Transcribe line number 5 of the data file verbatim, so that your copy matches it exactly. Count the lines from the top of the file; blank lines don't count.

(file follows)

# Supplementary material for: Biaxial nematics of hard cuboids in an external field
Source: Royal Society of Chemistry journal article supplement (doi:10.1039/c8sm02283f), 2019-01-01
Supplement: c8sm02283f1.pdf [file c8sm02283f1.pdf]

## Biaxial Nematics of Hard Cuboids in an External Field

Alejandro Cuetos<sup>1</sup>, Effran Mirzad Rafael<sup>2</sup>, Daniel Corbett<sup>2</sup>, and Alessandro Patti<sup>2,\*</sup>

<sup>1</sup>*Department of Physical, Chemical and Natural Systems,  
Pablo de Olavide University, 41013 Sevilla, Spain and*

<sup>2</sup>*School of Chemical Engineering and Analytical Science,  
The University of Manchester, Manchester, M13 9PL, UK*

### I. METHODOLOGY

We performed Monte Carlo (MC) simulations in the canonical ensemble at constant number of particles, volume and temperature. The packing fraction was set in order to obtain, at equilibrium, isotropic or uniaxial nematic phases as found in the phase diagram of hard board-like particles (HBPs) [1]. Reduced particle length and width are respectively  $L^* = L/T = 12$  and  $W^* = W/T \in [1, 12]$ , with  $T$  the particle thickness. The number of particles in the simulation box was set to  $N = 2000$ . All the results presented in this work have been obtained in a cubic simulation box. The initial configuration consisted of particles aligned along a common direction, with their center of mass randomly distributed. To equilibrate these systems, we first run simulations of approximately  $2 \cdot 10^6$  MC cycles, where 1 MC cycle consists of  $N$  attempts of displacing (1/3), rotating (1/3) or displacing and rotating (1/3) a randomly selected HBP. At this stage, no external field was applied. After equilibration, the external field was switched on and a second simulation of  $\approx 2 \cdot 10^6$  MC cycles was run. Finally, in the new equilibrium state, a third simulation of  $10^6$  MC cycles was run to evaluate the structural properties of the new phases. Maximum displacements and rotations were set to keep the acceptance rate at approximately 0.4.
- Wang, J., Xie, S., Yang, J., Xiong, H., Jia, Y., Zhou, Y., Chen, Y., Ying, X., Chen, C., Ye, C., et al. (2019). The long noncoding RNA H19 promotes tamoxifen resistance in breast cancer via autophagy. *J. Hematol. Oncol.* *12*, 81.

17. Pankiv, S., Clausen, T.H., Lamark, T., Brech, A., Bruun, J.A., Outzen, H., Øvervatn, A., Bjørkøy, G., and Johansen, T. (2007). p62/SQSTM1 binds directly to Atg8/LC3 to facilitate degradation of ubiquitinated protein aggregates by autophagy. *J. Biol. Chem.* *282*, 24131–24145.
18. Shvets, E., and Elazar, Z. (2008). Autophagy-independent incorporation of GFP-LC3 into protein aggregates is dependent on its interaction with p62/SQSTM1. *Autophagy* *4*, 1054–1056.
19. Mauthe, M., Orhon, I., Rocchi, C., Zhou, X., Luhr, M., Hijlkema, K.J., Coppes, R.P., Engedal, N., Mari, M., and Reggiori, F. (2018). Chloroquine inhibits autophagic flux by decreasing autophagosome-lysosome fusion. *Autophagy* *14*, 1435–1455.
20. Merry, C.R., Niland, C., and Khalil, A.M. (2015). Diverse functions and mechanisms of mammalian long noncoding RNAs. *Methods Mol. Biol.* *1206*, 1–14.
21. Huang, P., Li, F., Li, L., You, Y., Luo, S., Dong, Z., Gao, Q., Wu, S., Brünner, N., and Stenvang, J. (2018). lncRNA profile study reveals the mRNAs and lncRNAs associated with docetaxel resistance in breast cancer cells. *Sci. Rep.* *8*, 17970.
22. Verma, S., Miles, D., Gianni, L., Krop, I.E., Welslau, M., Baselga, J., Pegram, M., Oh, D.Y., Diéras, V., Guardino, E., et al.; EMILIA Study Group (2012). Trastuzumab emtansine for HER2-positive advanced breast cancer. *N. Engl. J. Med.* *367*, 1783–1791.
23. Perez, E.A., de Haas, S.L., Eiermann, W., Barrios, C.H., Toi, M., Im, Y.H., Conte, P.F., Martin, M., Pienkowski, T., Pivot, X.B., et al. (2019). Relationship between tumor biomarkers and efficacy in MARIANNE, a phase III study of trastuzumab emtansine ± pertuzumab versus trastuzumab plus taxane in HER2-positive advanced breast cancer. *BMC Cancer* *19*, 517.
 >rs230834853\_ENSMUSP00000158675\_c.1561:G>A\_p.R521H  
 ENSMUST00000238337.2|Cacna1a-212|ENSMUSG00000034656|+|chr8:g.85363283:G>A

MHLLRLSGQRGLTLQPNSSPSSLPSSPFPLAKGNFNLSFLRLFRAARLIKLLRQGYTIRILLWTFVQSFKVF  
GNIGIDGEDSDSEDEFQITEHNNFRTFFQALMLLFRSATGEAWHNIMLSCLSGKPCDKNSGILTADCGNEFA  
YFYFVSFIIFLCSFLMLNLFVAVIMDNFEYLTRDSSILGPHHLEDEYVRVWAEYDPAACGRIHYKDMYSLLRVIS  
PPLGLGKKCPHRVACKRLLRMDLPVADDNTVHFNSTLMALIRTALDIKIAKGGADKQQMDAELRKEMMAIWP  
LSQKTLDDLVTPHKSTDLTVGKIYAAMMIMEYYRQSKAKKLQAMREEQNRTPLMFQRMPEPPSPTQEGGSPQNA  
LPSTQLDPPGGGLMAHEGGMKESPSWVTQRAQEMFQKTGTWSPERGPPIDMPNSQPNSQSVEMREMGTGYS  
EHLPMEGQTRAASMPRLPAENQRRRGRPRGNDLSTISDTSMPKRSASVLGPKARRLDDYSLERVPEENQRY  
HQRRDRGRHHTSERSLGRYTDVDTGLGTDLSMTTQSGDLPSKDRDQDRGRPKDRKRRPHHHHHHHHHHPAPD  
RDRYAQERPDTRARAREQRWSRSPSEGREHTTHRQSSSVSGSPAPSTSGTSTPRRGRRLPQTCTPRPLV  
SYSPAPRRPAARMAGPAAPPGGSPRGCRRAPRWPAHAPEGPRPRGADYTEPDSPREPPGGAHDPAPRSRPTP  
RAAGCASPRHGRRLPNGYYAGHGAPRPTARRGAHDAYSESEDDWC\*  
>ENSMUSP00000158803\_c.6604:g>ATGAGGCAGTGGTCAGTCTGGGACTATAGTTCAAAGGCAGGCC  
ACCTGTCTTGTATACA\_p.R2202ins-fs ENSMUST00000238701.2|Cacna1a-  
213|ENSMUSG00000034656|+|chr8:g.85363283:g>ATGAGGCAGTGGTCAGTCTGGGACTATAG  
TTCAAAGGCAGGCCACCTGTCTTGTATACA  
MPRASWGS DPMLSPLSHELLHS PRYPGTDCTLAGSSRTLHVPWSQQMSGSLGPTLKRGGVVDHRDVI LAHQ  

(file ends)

Alejandro Cuetos<sup>1</sup>, Effran Mirzad Rafael<sup>2</sup>, Daniel Corbett<sup>2</sup>, and Alessandro Patti<sup>2,\*</sup>